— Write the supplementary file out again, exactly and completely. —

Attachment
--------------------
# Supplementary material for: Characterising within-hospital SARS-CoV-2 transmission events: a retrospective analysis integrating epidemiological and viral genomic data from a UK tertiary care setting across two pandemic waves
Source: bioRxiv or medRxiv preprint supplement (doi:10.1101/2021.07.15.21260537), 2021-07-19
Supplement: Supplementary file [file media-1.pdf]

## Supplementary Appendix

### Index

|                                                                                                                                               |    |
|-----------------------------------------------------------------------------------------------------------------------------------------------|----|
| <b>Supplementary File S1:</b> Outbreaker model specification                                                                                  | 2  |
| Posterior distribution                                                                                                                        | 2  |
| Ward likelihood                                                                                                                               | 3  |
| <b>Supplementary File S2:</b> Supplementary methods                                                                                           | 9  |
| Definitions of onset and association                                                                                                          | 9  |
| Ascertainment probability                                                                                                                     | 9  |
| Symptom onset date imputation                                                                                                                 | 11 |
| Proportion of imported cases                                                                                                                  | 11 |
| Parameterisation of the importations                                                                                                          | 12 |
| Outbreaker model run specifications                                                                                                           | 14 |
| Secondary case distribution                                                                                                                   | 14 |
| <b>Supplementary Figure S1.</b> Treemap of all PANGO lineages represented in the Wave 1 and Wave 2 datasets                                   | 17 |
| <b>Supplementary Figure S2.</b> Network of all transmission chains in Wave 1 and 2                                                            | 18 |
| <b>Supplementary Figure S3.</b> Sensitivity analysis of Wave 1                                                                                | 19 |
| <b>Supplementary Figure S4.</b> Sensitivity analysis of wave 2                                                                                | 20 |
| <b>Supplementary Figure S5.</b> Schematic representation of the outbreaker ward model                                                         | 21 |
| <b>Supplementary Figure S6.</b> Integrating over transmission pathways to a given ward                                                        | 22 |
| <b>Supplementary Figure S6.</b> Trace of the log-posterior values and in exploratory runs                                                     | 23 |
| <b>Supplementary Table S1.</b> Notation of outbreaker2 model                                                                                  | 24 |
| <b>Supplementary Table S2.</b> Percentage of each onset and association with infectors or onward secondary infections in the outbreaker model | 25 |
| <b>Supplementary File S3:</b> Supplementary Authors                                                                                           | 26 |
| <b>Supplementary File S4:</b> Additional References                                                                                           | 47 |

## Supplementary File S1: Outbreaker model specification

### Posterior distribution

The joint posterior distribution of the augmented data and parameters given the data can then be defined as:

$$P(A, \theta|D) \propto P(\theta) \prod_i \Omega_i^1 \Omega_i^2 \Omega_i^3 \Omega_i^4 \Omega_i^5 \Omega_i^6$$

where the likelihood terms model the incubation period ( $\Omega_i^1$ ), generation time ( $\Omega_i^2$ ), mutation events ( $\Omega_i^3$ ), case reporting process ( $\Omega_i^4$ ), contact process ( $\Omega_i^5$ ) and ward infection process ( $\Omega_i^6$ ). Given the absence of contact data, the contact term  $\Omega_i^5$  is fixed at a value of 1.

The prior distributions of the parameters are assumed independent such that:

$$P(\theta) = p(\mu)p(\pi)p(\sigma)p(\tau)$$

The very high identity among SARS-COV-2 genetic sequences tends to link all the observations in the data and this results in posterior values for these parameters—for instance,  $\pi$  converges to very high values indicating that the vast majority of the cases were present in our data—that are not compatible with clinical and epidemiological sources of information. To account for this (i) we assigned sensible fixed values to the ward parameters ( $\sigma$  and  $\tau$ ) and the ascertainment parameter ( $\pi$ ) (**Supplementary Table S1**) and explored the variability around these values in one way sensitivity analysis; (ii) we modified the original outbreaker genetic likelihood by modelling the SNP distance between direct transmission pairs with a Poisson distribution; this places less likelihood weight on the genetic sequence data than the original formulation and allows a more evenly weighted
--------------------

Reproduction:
# Supplementary material for: Characterising within-hospital SARS-CoV-2 transmission events: a retrospective analysis integrating epidemiological and viral genomic data from a UK tertiary care setting across two pandemic waves
Source: bioRxiv or medRxiv preprint supplement (doi:10.1101/2021.07.15.21260537), 2021-07-19
Supplement: Supplementary file [file media-1.pdf]

## Supplementary Appendix

### Index

|                                                                                                                                               |    |
|-----------------------------------------------------------------------------------------------------------------------------------------------|----|
| <b>Supplementary File S1:</b> Outbreaker model specification                                                                                  | 2  |
| Posterior distribution                                                                                                                        | 2  |
| Ward likelihood                                                                                                                               | 3  |
| <b>Supplementary File S2:</b> Supplementary methods                                                                                           | 9  |
| Definitions of onset and association                                                                                                          | 9  |
| Ascertainment probability                                                                                                                     | 9  |
| Symptom onset date imputation                                                                                                                 | 11 |
| Proportion of imported cases                                                                                                                  | 11 |
| Parameterisation of the importations                                                                                                          | 12 |
| Outbreaker model run specifications                                                                                                           | 14 |
| Secondary case distribution                                                                                                                   | 14 |
| <b>Supplementary Figure S1.</b> Treemap of all PANGO lineages represented in the Wave 1 and Wave 2 datasets                                   | 17 |
| <b>Supplementary Figure S2.</b> Network of all transmission chains in Wave 1 and 2                                                            | 18 |
| <b>Supplementary Figure S3.</b> Sensitivity analysis of Wave 1                                                                                | 19 |
| <b>Supplementary Figure S4.</b> Sensitivity analysis of wave 2                                                                                | 20 |
| <b>Supplementary Figure S5.</b> Schematic representation of the outbreaker ward model                                                         | 21 |
| <b>Supplementary Figure S6.</b> Integrating over transmission pathways to a given ward                                                        | 22 |
| <b>Supplementary Figure S6.</b> Trace of the log-posterior values and in exploratory runs                                                     | 23 |
| <b>Supplementary Table S1.</b> Notation of outbreaker2 model                                                                                  | 24 |
| <b>Supplementary Table S2.</b> Percentage of each onset and association with infectors or onward secondary infections in the outbreaker model | 25 |
| <b>Supplementary File S3:</b> Supplementary Authors                                                                                           | 26 |
| <b>Supplementary File S4:</b> Additional References                                                                                           | 47 |

## Supplementary File S1: Outbreaker model specification

### Posterior distribution

The joint posterior distribution of the augmented data and parameters given the data can then be defined as:

$$P(A, \theta|D) \propto P(\theta) \prod_i \Omega_i^1 \Omega_i^2 \Omega_i^3 \Omega_i^4 \Omega_i^5 \Omega_i^6$$

where the likelihood terms model the incubation period ( $\Omega_i^1$ ), generation time ( $\Omega_i^2$ ), mutation events ( $\Omega_i^3$ ), case reporting process ( $\Omega_i^4$ ), contact process ( $\Omega_i^5$ ) and ward infection process ( $\Omega_i^6$ ). Given the absence of contact data, the contact term  $\Omega_i^5$  is fixed at a value of 1.

The prior distributions of the parameters are assumed independent such that:

$$P(\theta) = p(\mu)p(\pi)p(\sigma)p(\tau)$$

The very high identity among SARS-COV-2 genetic sequences tends to link all the observations in the data and this results in posterior values for these parameters—for instance,  $\pi$  converges to very high values indicating that the vast majority of the cases were present in our data—that are not compatible with clinical and epidemiological sources of information. To account for this (i) we assigned sensible fixed values to the ward parameters ( $\sigma$  and  $\tau$ ) and the ascertainment parameter ( $\pi$ ) (**Supplementary Table S1**) and explored the variability around these values in one way sensitivity analysis; (ii) we modified the original outbreaker genetic likelihood by modelling the SNP distance between direct transmission pairs with a Poisson distribution; this places less likelihood weight on the genetic sequence data than the original formulation and allows a more evenly weighted